Monday, November 30, 2009

Canyonlands Needles District - Salt Creek, Beef Basin, etc.

Last year on Thanksgiving, the three of us stood at Grand View Point Overlook in Canyonlands and looked out at the Needles. For Thanksgiving this year I went off for a few days to make a loop backpack around the Needles District. The photos are here. I don’t think they do the area justice, and I’m not sure any can. I have lived in the West for many years now, but there are still landscapes that make me feel like a kid from Chicago seeing things for the first time. My journal on the Needles District would therefore just be a gushing “ooooh” and “wow.” It’s like the compilation of letters I read by early visitors to Yosemite area, who were writing home trying to explain what it looked like, most often without the benefit of photos. The letters used the most impassioned and borderline outrageous language to describe the place.

My hike up Salt Creek from Peekaboo camp to the Salt Creek Road (18 or 19 miles, although it felt like less) was the highlight of my trip, and right up there with the best trails I’ve ever visited.

A few experiences:

-On the first night, I camped under a small arch that had petroglyphs of a bird, a man and other figures. It was at least ten miles to a road, and I knew there was no one in the area due to the park’s strict permitting rules (more on those below). Hiking up Salt Creek, I had seen areas where the creek had been channeled to increase the flow through to areas below the canyon. I see a lot of backcountry ditches, and I just figured it was another example of some cowboys ditching a creek for cattle or settlers going to great lengths to grow crops in the desert. As I looked at the petroglyphs, however, I realized that the creek had probably been channeled and maintained for much, much earlier. There was no wind at all – totally still.

-The next day, I had breakfast at Upper Jump, a small waterfall in a large amphitheater. Warm rock slab next to flowing water in the desert? Sure, I can do that. Soon after, the Upper Salt Creek trail passed several striking petroglyphs:





And entered into a wide canyon:



Unlike my recent hikes along the Colorado Trail, I wasn’t able to get much information on the area beforehand. The rangers were certainly helpful, especially with where to find water, but they are understandably more focused on keeping everyone safe rather than promoting a long hike around the perimeter of the park. Here are a few things I didn’t know before I went down to the Needles District that others may find useful:

-Water. There is water at the Needles visitor center and also in the car campground. Salt Creek is a "perennial" stream, but in November I found only a few pools of water up to the side trail to Angel Arch. The creek ran clear from a few miles past this junction to Upper Jump. Then it was dry beyond except for the spring at Kirk's Cabin. I also found water in Elephant Canyon near Druid Arch, and in Big Spring Canyon, as well as in a few other little pools. Clearly during a dry year there may be even less. On the other hand, it looks like hiking the canyons after a big rain or during the spring would be a pain - a lot of the trails follow the bottoms. It also gets buggy, apparently.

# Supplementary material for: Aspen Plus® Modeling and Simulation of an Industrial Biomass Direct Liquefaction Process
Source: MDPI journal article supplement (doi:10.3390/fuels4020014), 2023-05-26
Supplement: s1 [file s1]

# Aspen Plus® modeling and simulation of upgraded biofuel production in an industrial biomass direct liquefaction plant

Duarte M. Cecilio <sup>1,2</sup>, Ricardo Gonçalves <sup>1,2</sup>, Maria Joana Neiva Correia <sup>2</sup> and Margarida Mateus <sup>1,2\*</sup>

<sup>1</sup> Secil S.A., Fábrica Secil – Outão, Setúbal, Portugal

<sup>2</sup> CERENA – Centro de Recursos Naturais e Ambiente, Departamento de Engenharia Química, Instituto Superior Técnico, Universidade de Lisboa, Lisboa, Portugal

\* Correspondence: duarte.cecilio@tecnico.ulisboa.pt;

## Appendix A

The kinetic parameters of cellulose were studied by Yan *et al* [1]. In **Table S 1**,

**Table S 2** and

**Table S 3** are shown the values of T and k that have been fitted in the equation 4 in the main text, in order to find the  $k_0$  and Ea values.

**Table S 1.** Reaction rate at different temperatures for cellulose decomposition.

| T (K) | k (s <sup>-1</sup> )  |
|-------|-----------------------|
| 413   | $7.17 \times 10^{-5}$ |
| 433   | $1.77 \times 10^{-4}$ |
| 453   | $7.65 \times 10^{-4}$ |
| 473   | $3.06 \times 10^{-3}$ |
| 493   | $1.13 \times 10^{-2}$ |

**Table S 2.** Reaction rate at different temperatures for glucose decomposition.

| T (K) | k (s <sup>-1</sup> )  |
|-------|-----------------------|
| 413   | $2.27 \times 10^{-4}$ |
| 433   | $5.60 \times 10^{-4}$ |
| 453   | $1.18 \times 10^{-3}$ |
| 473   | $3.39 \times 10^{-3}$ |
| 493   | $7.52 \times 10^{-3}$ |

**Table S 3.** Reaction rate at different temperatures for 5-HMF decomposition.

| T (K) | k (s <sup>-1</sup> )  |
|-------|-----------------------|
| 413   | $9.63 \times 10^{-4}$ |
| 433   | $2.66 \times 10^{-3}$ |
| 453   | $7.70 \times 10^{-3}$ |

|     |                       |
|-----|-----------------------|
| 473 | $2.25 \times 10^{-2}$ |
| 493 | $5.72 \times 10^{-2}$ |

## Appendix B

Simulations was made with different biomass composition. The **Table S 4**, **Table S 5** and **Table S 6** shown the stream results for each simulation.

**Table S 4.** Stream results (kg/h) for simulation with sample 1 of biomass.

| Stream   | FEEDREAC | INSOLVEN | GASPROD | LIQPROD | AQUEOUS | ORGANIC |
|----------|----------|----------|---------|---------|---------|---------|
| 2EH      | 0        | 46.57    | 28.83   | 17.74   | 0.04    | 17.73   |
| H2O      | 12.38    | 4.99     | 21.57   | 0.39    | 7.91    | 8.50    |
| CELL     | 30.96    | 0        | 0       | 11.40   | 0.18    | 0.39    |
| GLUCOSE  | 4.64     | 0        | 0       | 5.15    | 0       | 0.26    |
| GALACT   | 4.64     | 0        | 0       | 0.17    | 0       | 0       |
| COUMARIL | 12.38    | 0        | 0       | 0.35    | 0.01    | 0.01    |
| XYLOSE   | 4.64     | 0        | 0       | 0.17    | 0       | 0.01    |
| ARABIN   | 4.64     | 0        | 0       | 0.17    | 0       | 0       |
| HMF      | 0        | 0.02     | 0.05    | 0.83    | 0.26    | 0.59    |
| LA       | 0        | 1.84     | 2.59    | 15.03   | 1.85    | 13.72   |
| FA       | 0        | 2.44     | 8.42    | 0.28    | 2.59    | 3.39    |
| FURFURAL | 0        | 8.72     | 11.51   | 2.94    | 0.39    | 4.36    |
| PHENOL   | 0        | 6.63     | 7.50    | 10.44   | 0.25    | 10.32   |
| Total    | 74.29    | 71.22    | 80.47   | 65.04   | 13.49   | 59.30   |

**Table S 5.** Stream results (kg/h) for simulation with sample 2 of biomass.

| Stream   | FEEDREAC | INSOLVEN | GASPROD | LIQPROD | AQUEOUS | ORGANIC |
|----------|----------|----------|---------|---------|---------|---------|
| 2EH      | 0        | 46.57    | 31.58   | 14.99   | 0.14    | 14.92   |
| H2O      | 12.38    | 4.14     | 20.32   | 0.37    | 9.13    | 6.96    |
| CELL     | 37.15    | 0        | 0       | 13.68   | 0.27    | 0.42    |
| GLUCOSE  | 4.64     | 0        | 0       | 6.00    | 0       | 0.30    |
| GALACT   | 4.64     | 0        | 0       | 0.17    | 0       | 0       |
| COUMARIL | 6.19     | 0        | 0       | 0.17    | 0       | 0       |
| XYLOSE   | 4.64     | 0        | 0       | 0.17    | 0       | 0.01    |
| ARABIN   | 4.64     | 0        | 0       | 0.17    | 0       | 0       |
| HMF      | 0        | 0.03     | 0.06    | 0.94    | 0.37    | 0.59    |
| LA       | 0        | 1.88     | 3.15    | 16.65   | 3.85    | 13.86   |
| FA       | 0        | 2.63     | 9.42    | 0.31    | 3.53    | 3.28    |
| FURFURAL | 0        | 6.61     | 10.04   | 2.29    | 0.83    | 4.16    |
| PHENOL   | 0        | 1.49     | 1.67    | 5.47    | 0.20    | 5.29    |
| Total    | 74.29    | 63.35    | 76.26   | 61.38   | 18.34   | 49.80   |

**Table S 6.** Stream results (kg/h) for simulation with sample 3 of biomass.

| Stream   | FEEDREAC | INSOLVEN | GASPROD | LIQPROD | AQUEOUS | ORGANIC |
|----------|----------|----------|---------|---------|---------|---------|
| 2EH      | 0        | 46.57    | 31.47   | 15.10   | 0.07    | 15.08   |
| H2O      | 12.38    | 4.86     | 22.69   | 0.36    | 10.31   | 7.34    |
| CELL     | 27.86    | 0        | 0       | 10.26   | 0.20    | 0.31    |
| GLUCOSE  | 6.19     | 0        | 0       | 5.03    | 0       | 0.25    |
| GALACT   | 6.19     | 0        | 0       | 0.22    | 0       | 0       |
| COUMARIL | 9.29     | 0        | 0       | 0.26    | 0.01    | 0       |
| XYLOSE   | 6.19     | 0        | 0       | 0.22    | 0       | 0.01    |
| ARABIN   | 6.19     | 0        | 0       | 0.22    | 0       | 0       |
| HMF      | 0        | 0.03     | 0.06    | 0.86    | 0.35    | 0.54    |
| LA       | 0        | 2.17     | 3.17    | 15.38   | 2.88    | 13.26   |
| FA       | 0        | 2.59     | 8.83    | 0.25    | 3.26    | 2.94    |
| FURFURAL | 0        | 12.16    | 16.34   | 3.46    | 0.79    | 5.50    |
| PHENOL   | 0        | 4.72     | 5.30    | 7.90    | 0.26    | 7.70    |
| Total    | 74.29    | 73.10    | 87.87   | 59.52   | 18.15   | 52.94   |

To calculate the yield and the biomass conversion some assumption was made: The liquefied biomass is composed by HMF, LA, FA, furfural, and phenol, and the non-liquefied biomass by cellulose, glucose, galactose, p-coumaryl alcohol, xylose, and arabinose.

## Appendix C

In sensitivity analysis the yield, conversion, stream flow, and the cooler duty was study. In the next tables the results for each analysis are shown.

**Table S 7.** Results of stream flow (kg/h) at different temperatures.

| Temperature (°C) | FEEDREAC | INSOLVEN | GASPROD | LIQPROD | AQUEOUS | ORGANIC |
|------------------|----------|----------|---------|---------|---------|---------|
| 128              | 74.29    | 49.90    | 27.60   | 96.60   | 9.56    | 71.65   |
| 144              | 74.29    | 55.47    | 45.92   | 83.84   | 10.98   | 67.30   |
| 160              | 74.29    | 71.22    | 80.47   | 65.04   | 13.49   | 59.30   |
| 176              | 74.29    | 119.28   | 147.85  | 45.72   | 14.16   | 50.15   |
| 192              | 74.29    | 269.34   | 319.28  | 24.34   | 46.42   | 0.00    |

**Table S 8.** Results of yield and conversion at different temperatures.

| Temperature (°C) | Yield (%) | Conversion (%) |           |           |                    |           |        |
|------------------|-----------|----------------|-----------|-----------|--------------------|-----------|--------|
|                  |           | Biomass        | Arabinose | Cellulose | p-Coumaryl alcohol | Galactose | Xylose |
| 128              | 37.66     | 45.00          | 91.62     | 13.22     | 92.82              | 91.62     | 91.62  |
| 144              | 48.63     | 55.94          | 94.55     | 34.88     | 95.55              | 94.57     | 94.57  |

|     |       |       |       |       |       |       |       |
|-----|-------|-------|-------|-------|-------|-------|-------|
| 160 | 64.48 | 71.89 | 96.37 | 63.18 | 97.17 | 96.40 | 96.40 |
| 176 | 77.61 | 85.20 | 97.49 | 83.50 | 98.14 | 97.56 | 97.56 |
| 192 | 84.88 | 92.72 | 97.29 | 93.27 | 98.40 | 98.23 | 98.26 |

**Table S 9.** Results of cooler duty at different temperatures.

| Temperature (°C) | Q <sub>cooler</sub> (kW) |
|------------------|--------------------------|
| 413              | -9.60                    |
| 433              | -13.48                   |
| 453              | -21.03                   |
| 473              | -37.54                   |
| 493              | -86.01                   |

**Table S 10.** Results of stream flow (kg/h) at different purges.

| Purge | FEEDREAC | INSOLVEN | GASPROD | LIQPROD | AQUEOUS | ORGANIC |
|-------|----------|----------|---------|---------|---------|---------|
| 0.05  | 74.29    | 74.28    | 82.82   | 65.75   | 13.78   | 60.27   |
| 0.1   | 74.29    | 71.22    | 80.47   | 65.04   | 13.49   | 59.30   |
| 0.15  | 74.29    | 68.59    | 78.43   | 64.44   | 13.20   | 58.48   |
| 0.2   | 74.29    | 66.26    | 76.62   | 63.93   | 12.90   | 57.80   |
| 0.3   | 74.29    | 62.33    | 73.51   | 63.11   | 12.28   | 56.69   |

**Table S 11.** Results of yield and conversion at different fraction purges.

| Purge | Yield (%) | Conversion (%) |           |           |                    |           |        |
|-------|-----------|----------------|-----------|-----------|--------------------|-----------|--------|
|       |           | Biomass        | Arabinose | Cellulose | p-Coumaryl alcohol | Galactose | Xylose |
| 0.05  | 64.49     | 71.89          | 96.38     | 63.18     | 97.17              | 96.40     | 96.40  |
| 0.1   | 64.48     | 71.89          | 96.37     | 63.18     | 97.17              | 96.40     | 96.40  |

-Permitting. The park takes reservations for backcountry camping two weeks in advance. My impression is that a lot of folks grab reservations and then don't end up camping - although several spots were reserved, I only saw one other party backpacking the whole trip. Get ready for more than the usual hassle when getting a permit - think Denali or Glacier. The ranger flatly denied me my choice for the first night, saying I couldn't get there by dark (incorrect). I then had to make up a bogus story about people meeting me in Beef Basin for her to go along with the rest of my itinerary. I spent 90 minutes at the visitor center getting my permit, which is no joke considering it's only light in November from about seven to about five-thirty. I think the process may be easier in the high season when the seasonals are working. Of course, the permitting hassle is at least in part what keeps the area so beautiful. Also, the ranger was helpful regarding where to find water. They take credit cards.

-Weather. Last year, it was dumping rain over Thanksgiving. This year I didn't see a cloud until the last day. So weather is "variable." When I went, highs were in the 50's and lows in the teens. In other words, it was t-shirt weather in the sun and butt-cold at any other time. When the sun went down, the cold air would flow right down the canyons, and it was time to put on every layer I had. When the sun came out, I spent time basking on the rocks like a lizard.

-Hazards. The Needles just feels like a place where you have to take extra care. There are a lot of rocks to fall off, endless nameless confusing side canyons, a dearth of water, etc. But all these are present everywhere in the desert, and really pretty much everywhere in the West. For some reason, I nevertheless felt like I needed to be particularly careful when traveling. I never left the marked trails, even though this added several miles to my trip. In a way, the Needles are canyoneering for dummies, with well-marked trails and a helpful ladder here and there to help passage.

The extra mileage occured where I reached the edge of the park. The National Geo. tourist topo map clearly shows a trail heading west to Beef Basin. I couldn't find a trail, and I couldn't see any evidence of anyone going that way. Instead I climbed the steep trail to the southeast to Salt Creek Mesa. Road 107 goes waaaaaay up, maybe 8500 feet, before the junction with Road 104. Although this added a few miles to my hike, the views at sunset were worth it: